Hi! Sorry I have been a little quiet on the skutsje/non-skutsje discussion - I actually didn't think it was one but I thought TQ probably had a picture that would settle the matter better. The Wikipedia article describes skutsjen as beginning at 12 meters, and I also ended up with the impression that although some of them get some serious makeovers, a good skutsje will always retain something of the spirit of a good, solid workboat.
I think that it was very hard to tell the size of the boat in Tuesday's picture - it's actually a small sailboat that was built for purely recreational purposes. Here's the picture I thought would help. The kayak is 16 feet long, or about 4.9 meters. I suspect that the most serious cargo this little leeboard yawl ever carried was something in the picnic dinner & champagne line!
Do we all at least agree she's pretty? :D
quick update before I run off to claymation workshop - I emailed Jane & John, who run the Life At an Angle site that my friend Anonymous (he really is a friend of mine, too) had said was one of the best sites on Dutch sailing barges around, asking them if they'd come over & give their opinion - well, I just checked email, they'd taken a look & here was their response:
>Hi Bonnie, thanks for your email, we've had a look at your photographs
>and we are 100% sure that the little boat with the lea boards is not a
>skutsje. The bow and stern shapes are entirely different to a skutsje.
>It looks as though it's a purpose built sailing boat which may have been
>built for shallow water so the builder put lea boards on instead of a
>keel? It looks similar to a Cornish shrimper?
>Hope this helps
>All the best
>Jane and John
Must run now, but Tillerman, you should have put down a wager on this one! The resemblance is due to the boatbuilding equivalent of convergent evolution - boats designed to address the same issues sometimes end up looking similar.
Tuesday, November 02, 2010
I'd planned to run through a few more days of Cape Cod fun tonight, but I totally screwed up my day by waking up and deciding that things were enough under control at work that I didn't really have to go vote at 7 am. Ha ha ha. The work expanded during the day, as it is sometimes wont to do, so now I have to get up early to finish what I left unfinished in order to get to my polling place on time tonight. Oh well, at least we don't get Paladino. Ick. So, not so much time to blog tonight as I had hoped for.
However, I was doing a little blog-surfing last night & I ran across a blog that had a lovely sailing photo contest, and in the midst of their entries there a photo of an unusual-looking small sailboat that the blogger had seen in Cape Cod that he or she was curious enough to post & ask if anyone coud say what it was (turned out to be a Friendship Sloop). Well, by pure coincidence I also had a photo of an unusual-looking small sailboat that TQ & I had admired in Cape Cod, during our stormy-day paddle up the quiet, sheltered reaches of the Mashpee River. I thought "What a great idea for a short post!", and here I have a night where the post needs must be short, so - here she is! Isn't she striking? TQ noticed that it's almost like a giant sailing canoe, what with the leeboards & the shape of the bow. Must be gorgeous under sail. Anyways, if anyone knows anything about what kind of boat this is, I'd love to hear about it, just leave the info in the comments & I'll bring it up here to share as soon as I see it.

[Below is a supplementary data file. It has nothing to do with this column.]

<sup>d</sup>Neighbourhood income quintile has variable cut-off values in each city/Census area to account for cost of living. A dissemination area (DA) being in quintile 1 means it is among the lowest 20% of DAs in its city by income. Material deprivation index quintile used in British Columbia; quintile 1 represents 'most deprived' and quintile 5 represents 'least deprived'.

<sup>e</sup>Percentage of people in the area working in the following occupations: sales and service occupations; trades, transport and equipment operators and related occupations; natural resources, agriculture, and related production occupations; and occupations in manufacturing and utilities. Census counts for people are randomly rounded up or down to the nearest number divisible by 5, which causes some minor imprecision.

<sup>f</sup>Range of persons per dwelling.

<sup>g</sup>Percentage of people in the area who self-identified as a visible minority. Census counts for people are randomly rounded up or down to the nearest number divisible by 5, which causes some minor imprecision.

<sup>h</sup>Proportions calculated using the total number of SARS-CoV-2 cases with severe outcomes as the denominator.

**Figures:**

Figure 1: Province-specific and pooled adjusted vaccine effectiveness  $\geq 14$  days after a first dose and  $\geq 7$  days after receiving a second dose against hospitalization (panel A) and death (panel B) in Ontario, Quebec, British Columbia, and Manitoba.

And seriously, if anyone can tell me what blog I got this idea from, that would be very nice too - I would love to link but I cannot for the life of me remember the blog's name!
Wednesday morning note - Sincere thanks to Tillerman for identifying my mystery blog - it was Boat de Jour, and here was HIS mystery sailboat! BTW it was either really late or I was really blown away by the sailing photo contest because I managed to totally not notice the name of the blogger, Captain Puffy Pants. I would not have had ANY problem remembering THAT name, since Captain Puffy Pants happened to be the author of one of my favorite entries EVER in a Proper Course Writing Challenge - Setting the Record Straight or Capt. Puffy Pants Eats Crow, written for Tillerman's November '09 Love and Sailing challenge. There were a some great entries for that one -- It's A Rock was another particular favorite of mine -- but Capt. Puffy Pants's entry proved to be the all-around, hands-down favorite & I enjoyed it very much.
Monday, November 01, 2010
I think Dave & Dan called this "Steel Island". Apparently a long time ago, a local scrap company bought them & parked them there. They're still sort of taking care of them - at least enought to pump out the water & keep them from sinking -
maybe they're trying to grow their own Robert Smithson?
2005 recreation of Robert Smithson's "Floating Island" - this was a rather odd & fun thing to see being towed around Manhattan!
They have a genuine antique swing-bridge run by genuine antique swing-bridge-operators...no, I'm kidding, the operators are not antique, but we did hear some funny stories about the importance of swing bridge operator/boater diplomacy, and even funnier stories about failures in swing bridge operator/boater diplomacy (guess who's got the upper hand in those? muahahahaaaa!)
They have two nice little lighthouses -
and some Sunday afternoon Laser racing -
And I was very impressed by the New Bedford fishing fleet. Don't think I've ever seen a working fishing fleet anywhere near that size (I'm sure there are larger ones but not anywhere I've visited). Forgot to ask Dan whether they all go out at the same time but it must be an impressive sight if they do.
And when the sun comes out at the end of the day, you can see why they call it Fairhaven. Look how nice.
Oh, yes, and about those cannons - they have some of those too, at Fort Phoenix, one of 2 Revolutionary War-era forts that stand at the mouth of the harbor.
Dan, did you want this cannon (the one we posed with) -
or this one, the John Paul Jones cannon, the only original Revolutionary War-era cannon left in the fort? The larger ones were installed around the Civil War, but this one was one that was captured from the British in the Bahamas during the revolution; the British captured the fort in 1778 & the rest were smashed but this one survived more or less intact.
You can read more about the fort's history here.
There. Dan, did I miss anything important?
And I think that with that I'm going to call it a night - internet connection keeps cutting out on me, and anyways I want to try to go vote before work so I can work late if I need to. Vacation is wonderful, but the week before or the week after? Bleah!